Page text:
The life of dissident Fathi Eljahmi – who died this May after seven years in jail – remains a disturbing counterpoint to Libya’s apparent transformation from rogue state to darling of the West. Eljahmi was one of countless jailed human rights activists who have been left behind in Libya’s emergence as a Western ally.
Few people have stood their ground against so much. In 2004 de facto Libyan leader Moammar Gadhafi’s thugs threatened to rape Eljahmi’s daughters unless he asked for forgiveness on national television for criticizing the Libyan regime. Eljahmi replied that he would rather die than apologize for speaking the truth. What makes a dissident stand up after being knocked down over and over again?
Born in Egypt in 1941, Eljahmi was the eldest of six children. His father – who came to Egypt from Libya to study Arabic and Islamic Law – was a stubborn man who lived by the laws he studied. His moral integrity was so fierce, for example, he once walked from the town of Asyut to Cairo (a distance of almost 200 miles) instead of borrowing money for a train ticket. He was forever reigning in his son, who was trying to find his own place in the world. “Fathi was strong willed,” his brother Mohamed explained to me over the phone. “My late father, who was equally strong willed, had trouble taming him.”
Once of age, Eljahmi moved to Tripoli to study civil engineering and eventually became the governor of the oil-rich Al Khaleej province. He enforced laws and governed the province according to his father’s code of ethics. In Gadhafi, Libya’s newly-minted dictator, Eljahmi saw a man with beliefs in stark contrast to his own. Eljahmi refused to participate in the bribery and corruption that marked the new government and spoke out at state-sponsored neighborhood meetings, called Basic People’s Conferences. In 1986 Eljahmi filed a lawsuit against the minister of education for closing Libya’s English schools. He won the lawsuit (after picketing the education ministry with his children), but lost the fight. The education minister, Ahmad Ibrahim, was Gadhafi’s cousin, so the case was dismissed. Eljahmi then wrote letters to Gadhafi about the failures of the legal system, injustices of the regime and the state of country. “Libyans are growing silent day by day,” he warned, “and apathy has become pervasive in society.”
This unswerving sense of moral duty pervaded every facet of Eljahmi’s life. After Eljahmi’s father died, his brothers, sisters and mother moved to Tripoli to live under his care. Mohamed – who is 20 years younger than his brother – remembers the day he brought home too much change from the corner store. Eljahmi marched him back to the store and made him confess and return the extra money to the clerk. “Fathi once told me, ‘if you promise to give your shirt to someone, you’d better take your shirt off and give it to him.’”
Eljahmi’s blunt criticisms soon became impossible for the government to ignore. A few years later, he refused a government posting by telling a senior regime operative, “I will not accept this appointment because, in the current political environment, only pimps and prostitutes thrive.”
Retribution came swift and brutal. Masked men invaded his home and held his family hostage for several hours. They stabbed Eljahmi and his wife, and terrorized his children by licking Eljahmi’s blood off the floor.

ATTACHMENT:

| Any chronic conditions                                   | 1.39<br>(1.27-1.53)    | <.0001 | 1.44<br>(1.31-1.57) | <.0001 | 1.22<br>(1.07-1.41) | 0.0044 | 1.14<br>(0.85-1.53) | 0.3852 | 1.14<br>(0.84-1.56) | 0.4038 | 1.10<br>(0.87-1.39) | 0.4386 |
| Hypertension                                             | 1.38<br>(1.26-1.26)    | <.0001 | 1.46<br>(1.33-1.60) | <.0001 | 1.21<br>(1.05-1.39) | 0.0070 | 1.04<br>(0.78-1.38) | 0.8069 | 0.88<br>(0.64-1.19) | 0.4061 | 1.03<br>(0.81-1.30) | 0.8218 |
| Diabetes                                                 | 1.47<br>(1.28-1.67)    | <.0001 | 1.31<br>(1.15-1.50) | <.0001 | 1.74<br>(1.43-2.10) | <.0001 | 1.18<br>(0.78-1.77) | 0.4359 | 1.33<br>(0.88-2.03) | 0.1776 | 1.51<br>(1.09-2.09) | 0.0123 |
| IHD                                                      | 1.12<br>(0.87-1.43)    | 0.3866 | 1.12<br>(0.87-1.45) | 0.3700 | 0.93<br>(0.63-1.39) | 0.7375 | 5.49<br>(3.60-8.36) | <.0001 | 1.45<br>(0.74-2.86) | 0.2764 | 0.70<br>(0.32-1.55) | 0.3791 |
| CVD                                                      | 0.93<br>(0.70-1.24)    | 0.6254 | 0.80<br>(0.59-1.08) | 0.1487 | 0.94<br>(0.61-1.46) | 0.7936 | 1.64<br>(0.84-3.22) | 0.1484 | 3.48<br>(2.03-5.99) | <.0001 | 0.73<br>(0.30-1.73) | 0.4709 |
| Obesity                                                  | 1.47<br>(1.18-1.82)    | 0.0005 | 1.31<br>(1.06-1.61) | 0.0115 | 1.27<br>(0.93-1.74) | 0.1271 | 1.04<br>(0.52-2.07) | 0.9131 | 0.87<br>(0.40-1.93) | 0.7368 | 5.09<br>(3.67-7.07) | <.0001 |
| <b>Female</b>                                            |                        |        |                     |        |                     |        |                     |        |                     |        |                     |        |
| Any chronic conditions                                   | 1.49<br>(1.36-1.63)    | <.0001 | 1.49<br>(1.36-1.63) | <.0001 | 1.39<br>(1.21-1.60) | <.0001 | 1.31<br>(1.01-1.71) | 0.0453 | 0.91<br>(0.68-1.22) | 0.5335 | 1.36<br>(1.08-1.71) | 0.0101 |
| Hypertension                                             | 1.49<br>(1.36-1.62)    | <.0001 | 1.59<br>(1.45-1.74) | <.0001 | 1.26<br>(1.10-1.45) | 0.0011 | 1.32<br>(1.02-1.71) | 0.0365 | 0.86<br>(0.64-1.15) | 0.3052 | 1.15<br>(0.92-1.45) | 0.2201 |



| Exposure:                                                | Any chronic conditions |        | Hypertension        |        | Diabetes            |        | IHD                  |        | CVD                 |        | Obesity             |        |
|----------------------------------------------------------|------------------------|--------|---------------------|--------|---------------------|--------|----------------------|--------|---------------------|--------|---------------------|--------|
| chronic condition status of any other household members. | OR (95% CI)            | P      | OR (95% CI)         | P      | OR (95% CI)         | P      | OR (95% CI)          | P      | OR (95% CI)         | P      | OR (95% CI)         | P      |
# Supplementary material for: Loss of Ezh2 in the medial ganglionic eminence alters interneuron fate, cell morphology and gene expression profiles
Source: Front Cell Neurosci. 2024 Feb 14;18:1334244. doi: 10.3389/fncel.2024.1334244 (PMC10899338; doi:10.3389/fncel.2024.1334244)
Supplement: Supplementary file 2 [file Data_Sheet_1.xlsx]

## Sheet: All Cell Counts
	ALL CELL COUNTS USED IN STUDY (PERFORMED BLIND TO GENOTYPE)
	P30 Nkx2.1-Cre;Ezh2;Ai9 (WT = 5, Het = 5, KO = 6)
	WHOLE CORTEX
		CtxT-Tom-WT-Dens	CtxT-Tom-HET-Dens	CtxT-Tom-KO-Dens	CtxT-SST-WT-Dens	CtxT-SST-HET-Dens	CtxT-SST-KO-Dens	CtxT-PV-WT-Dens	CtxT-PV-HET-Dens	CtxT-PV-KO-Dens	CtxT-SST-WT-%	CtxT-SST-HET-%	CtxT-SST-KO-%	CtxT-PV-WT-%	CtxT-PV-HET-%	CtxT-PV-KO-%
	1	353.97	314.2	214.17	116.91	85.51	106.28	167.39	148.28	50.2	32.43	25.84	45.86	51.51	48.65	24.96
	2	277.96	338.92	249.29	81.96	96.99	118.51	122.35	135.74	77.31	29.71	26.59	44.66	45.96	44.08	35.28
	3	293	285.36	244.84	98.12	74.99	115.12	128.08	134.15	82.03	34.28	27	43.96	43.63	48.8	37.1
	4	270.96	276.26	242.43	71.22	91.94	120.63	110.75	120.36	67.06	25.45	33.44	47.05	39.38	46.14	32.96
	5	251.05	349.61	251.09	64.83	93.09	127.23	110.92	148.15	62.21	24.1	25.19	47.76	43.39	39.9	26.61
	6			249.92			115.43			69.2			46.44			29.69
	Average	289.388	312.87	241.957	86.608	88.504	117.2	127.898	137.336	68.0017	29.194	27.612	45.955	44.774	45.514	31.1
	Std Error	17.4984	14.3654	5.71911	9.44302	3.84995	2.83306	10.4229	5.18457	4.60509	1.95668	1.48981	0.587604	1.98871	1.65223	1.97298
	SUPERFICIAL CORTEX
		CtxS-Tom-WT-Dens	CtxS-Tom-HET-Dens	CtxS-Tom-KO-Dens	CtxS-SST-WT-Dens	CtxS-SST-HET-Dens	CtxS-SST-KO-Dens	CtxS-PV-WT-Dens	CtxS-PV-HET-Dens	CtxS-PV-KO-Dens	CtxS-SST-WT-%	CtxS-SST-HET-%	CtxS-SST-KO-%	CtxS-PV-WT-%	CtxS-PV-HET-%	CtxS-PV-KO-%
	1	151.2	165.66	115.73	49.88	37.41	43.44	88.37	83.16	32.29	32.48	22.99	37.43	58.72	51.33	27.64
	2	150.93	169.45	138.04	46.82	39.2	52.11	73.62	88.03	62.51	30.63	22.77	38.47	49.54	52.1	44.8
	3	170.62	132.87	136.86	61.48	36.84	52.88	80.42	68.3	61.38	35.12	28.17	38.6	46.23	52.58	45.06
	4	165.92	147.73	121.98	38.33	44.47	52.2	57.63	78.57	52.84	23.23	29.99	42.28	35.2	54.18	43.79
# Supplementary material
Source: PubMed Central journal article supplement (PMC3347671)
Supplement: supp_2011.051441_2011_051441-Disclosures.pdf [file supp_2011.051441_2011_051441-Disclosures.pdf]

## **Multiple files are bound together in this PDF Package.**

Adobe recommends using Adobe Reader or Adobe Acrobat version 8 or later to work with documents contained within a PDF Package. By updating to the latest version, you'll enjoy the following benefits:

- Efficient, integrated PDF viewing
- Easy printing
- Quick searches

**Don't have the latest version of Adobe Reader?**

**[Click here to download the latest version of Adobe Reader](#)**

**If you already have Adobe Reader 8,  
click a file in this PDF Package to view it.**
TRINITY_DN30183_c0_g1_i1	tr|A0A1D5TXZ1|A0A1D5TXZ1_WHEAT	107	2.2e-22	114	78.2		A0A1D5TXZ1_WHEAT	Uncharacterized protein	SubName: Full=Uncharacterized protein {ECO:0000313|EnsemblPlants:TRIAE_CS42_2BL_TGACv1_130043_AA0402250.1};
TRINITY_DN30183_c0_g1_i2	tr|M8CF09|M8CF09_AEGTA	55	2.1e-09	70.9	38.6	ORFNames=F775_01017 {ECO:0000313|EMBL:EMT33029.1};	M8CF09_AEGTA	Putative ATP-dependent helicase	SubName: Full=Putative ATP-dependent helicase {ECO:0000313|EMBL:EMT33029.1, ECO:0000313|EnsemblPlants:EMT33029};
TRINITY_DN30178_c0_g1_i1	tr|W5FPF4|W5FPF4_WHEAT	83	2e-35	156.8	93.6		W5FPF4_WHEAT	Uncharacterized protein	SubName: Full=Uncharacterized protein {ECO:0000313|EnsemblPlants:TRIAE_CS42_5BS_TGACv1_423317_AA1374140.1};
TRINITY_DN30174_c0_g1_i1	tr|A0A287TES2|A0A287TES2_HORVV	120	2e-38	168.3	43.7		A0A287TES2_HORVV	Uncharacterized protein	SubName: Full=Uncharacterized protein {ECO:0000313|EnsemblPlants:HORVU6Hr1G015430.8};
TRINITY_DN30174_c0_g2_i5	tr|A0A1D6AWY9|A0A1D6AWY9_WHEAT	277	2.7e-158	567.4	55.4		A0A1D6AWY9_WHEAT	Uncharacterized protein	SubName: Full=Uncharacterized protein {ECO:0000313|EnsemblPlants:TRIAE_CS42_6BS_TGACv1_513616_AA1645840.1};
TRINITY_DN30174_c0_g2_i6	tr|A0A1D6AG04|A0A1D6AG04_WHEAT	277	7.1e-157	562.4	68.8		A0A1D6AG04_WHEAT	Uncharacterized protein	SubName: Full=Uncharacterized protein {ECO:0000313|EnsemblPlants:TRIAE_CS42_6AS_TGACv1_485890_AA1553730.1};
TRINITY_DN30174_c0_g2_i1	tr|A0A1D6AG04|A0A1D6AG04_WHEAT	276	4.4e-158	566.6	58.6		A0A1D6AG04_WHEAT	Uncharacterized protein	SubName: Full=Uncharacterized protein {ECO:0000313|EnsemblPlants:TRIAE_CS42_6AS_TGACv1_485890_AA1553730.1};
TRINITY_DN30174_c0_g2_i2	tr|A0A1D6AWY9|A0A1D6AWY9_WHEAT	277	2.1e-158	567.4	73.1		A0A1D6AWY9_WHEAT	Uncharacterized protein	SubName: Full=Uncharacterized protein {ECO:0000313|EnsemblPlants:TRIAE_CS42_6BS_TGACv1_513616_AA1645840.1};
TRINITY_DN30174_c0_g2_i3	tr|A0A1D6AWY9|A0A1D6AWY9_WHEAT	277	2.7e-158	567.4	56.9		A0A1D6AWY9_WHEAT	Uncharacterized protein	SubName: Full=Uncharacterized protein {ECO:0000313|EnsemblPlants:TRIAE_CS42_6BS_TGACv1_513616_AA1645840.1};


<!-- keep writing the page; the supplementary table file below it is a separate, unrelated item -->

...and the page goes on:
Why didn’t Eljahmi stay quiet after this? Why didn’t he go with the rest of his family to Benghazi instead of staying in Tripoli to continue his protests and calls for reform? Why, at another People’s Conference in 2002, did he call for a free press and democracy and the abolition of Gadhafi’s Green Book, only to be arrested on the spot and sentenced to five years in Abu Salim prison?
Eljahmi believed that Gadhafi had a fragile hold on power. He often claimed that enough sustained internal and international pressure would crumble the regime … and if it didn’t, Eljahmi feared that Libya would disintegrate into a lawless state. Ultimately he refused (with the same moral rectitude, perhaps, that led his father to walk to Cairo) to be changed by a corrupt and vengeful regime. He once wrote to Gadhafi, “I feel internal peace because I know every fate is predestined.”
In March of 2004, after diplomatic pressure from then-senator Joseph Biden, Eljahmi was briefly released. It afforded Eljahmi another opportunity to change his course, but he didn’t. As soon as he was released, he spoke to foreign journalists and international Arab-language TV stations about the state of Libya’s political prisoners and life in Libya. He told the Wall Street Journal, “All that is left for [Gadhafi] to do is hand us a prayer carpet and ask us to bow before his picture and worship him.”
The regime quickly rearrested Eljahmi, ransacked his house and terrorized his family. He spent the next five years, until his death at the age of 68, in Libya’s prisons, much of the time in an isolated cell. At one point Gadhafi’s son, Seif el-Islam, agreed to release Eljahmi if his family would guarantee his silence – they declined. “None of us would agree,” Mohamed later wrote, “to force our brother, husband or father to compromise his principles or to apologize for his outspokenness.”
Ian Bullock is a Vancouver-based writer of fiction and creative nonfiction.